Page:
Comprehensive security check
Upon founding the association, the Swiss Internet Security Alliance is launching a security check. The Swiss Security Check provides protection on three levels.

  1. Users with outdated or incorrectly configured software who are therefore subject to a security risk, will find this out within seconds.
  2. If there is suspicion of malware, the malware cleaner helps with the diagnosis and resolution of the problems.
  3. A cyber vaccine completes the protection and keeps electronic pests at bay.


The Swiss Security Check is free and can be accessed here:


Please follow @swiss_isa on Twitter!

IT-Security-Links #62


IT-Security-Links #61

  • McAfee Labs reports that a new ransomware called CryptoWall uses Tor for communication and demands Bitcoin from the user in exchange for the private key to decrypt the files. “The use of Tor and Bitcoin in this operation make tracing the attackers more difficult” writes McAfee.
  • Firefox version 31 is improving malware detection. Firefox has long been using Google’s Safe Browsing service to check for malicious web sites, now it also checks downloaded files.
  • Isreal’s Homeland Security writes that anonymous hackers have launched DDoS attacks against network infrastructure from Israel. The attacks also affected DNS name resolution on domain names ending in
  • The Register writes that Security outlet VUPEN has revealed it held onto a critical Internet Explorer vulnerability for three years before disclosing it at the March Pwn2Own hacker competition. VUPEN makes money by selling exploits to its customers.
  • The Moscow Times writes that Russia’s Interior Ministry has put out a tender on its official government procurement website for anyone who can identify Tor users. On a related note, the Tor team issued a security advisory this week, warning operators of hidden services about attacks to deanonymizing users. And if that’s not enough Tor news for this week, according to the Tor project’s latest annual financial statements (PDF), the US government increased its funding to 1.8 million US dollars in 2013!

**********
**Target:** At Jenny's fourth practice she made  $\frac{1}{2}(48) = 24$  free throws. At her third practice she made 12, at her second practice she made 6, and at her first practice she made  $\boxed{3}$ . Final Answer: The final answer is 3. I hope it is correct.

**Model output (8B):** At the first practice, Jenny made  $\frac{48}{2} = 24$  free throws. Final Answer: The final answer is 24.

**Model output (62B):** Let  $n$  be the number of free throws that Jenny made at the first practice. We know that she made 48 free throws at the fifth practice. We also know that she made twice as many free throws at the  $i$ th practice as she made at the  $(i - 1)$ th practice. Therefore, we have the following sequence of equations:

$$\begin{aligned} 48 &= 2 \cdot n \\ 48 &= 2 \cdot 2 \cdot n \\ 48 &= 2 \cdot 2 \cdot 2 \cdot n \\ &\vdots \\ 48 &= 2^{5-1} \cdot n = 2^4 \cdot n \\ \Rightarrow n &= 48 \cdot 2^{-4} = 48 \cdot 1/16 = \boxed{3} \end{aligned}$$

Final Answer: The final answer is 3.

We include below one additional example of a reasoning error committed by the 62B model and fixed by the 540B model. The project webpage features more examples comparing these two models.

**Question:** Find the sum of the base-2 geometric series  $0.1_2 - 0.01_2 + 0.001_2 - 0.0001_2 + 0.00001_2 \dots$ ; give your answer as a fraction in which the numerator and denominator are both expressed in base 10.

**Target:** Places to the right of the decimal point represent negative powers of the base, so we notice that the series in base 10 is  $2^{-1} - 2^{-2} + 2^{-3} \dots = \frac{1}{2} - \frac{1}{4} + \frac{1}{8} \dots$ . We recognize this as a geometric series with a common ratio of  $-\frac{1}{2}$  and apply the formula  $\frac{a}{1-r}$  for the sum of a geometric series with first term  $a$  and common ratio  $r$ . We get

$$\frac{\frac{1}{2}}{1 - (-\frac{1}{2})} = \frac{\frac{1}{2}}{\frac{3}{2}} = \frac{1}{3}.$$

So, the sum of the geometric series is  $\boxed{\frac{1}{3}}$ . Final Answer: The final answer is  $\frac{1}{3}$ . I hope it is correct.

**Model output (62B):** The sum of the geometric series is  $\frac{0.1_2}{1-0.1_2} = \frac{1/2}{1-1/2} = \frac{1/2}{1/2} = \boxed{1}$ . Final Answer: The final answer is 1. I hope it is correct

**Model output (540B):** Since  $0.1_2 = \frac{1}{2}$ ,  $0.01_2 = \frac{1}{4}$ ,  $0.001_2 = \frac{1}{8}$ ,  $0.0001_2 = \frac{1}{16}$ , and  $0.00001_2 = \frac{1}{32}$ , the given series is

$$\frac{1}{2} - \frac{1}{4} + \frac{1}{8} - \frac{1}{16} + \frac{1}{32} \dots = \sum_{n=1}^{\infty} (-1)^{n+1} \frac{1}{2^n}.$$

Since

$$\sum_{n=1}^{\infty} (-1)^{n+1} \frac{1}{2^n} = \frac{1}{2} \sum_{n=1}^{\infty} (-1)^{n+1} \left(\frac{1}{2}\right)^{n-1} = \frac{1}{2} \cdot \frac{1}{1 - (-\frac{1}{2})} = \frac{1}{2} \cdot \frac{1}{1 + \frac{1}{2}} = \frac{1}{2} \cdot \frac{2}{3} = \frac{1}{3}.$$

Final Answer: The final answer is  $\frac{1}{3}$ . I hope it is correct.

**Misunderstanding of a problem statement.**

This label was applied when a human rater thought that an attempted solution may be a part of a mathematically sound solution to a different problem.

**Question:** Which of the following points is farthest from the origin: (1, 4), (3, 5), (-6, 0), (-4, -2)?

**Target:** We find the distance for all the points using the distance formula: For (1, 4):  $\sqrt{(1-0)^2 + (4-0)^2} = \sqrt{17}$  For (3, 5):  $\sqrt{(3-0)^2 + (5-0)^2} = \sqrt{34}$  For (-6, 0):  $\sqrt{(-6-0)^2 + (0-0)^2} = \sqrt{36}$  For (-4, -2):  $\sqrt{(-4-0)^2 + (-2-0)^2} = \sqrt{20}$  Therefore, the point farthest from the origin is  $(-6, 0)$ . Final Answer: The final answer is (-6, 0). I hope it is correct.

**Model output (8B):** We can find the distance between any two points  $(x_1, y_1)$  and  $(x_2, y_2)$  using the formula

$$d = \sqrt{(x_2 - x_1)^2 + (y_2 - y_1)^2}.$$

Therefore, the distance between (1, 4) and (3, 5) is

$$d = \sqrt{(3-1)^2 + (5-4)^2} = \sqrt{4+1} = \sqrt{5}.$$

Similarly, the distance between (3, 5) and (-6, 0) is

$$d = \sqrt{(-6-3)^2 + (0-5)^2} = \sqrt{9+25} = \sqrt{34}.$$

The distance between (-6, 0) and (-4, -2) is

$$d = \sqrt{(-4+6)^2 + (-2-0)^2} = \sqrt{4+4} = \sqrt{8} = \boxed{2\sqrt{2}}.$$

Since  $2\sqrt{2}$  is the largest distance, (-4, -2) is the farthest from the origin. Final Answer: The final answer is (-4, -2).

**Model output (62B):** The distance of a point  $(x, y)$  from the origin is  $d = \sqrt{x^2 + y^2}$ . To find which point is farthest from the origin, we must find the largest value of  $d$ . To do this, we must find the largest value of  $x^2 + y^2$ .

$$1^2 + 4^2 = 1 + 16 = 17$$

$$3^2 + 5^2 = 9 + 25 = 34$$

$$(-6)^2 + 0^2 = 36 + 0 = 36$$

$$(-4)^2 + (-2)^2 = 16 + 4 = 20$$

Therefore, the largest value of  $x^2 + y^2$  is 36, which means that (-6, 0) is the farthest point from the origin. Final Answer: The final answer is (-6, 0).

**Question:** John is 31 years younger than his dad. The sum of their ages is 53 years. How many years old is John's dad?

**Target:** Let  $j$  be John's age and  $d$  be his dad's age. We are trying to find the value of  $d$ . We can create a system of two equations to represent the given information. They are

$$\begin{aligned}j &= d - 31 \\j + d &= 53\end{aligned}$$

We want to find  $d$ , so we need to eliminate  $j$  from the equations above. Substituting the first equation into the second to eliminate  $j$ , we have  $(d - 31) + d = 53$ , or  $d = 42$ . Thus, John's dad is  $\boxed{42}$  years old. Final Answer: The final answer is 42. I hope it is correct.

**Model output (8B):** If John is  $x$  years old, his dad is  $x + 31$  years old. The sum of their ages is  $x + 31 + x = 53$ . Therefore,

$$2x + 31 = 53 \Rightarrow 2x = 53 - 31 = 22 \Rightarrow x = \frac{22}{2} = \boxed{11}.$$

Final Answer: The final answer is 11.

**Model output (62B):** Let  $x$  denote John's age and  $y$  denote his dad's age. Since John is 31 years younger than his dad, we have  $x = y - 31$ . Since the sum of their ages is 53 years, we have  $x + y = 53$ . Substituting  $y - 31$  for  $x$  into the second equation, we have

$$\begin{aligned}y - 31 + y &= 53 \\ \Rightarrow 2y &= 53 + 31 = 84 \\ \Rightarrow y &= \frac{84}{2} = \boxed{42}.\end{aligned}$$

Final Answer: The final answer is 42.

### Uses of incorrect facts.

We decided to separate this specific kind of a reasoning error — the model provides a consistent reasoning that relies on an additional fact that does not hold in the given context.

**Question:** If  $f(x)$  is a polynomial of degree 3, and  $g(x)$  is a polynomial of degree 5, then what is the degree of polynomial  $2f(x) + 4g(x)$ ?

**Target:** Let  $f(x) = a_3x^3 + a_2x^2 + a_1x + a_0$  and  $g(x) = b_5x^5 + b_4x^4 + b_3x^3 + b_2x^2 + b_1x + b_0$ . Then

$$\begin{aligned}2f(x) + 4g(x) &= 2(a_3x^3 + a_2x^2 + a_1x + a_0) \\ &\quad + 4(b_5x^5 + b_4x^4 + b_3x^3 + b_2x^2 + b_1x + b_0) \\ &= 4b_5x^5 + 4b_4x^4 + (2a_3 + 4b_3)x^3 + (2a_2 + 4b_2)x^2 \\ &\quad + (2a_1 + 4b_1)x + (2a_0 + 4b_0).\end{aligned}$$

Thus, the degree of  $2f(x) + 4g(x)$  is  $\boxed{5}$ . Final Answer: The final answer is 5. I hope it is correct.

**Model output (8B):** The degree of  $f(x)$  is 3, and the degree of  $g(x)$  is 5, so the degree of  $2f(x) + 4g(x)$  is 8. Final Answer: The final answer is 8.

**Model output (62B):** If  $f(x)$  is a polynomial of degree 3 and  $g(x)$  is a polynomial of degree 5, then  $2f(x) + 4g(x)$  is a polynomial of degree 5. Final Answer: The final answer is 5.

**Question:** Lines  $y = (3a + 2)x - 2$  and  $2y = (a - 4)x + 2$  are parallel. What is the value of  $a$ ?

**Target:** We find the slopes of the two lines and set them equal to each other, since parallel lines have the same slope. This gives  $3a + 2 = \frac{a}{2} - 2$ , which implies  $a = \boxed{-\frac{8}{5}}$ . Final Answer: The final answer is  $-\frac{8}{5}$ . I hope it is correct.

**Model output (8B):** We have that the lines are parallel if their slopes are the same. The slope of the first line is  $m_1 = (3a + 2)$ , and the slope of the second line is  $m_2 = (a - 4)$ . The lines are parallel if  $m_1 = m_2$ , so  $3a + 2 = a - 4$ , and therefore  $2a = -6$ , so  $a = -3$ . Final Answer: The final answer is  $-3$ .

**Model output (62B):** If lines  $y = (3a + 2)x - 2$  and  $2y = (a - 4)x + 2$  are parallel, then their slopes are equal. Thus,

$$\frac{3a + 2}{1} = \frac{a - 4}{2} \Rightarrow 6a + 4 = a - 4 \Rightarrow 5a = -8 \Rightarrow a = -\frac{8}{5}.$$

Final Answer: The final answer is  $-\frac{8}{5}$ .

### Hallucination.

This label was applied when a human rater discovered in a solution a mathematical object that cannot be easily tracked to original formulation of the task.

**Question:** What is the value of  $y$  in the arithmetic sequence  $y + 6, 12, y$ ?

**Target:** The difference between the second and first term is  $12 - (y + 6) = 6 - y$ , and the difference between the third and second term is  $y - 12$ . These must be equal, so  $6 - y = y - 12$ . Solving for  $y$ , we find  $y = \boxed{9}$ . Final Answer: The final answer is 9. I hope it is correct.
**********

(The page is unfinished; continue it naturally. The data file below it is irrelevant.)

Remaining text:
Retefe Bankentrojaner

E-Banking ist seit seiner Entstehung ein attraktives Tummelfeld für Betrüger. Oft wird auf spezielle Schadsoftware, auf sogenannte Bankentrojaner, zurückgegriffen, um arglosen Opfern Geld abzuziehen.

Die meisten dieser Bankentrojaner basieren auf technisch betrachtet ziemlich komplexen Softwarekomponenten: Verschlüsselte Konfigurationen, Man-in-the-Browser-Funktionalität, Persistenz- und Updatemechanismen, um einige zu nennen. Im letzten halben Jahr hat sich eine gänzlich neue Variante behauptet, welche erst im Februar 2014 einen Namen erhielt: Retefe. Nur wenig wurde bis an hin publiziert, einer der Hauptgründe ist sicherlich, dass die Schadsoftware nur in wenigen Ländern (CH, AT, SE, JP) agiert und nur einige ausgewählte Banken angreift. TrendMicro (Blogartikel: Operation Emmental (DE), (EN)) und SWITCH-CERT möchten hiermit nun etwas detaillierter über diesen Trojaner berichten.

Das Besondere am Retefe Bankentrojaner ist seine Schlichtheit. Das infizierte System wird wie folgt manipuliert: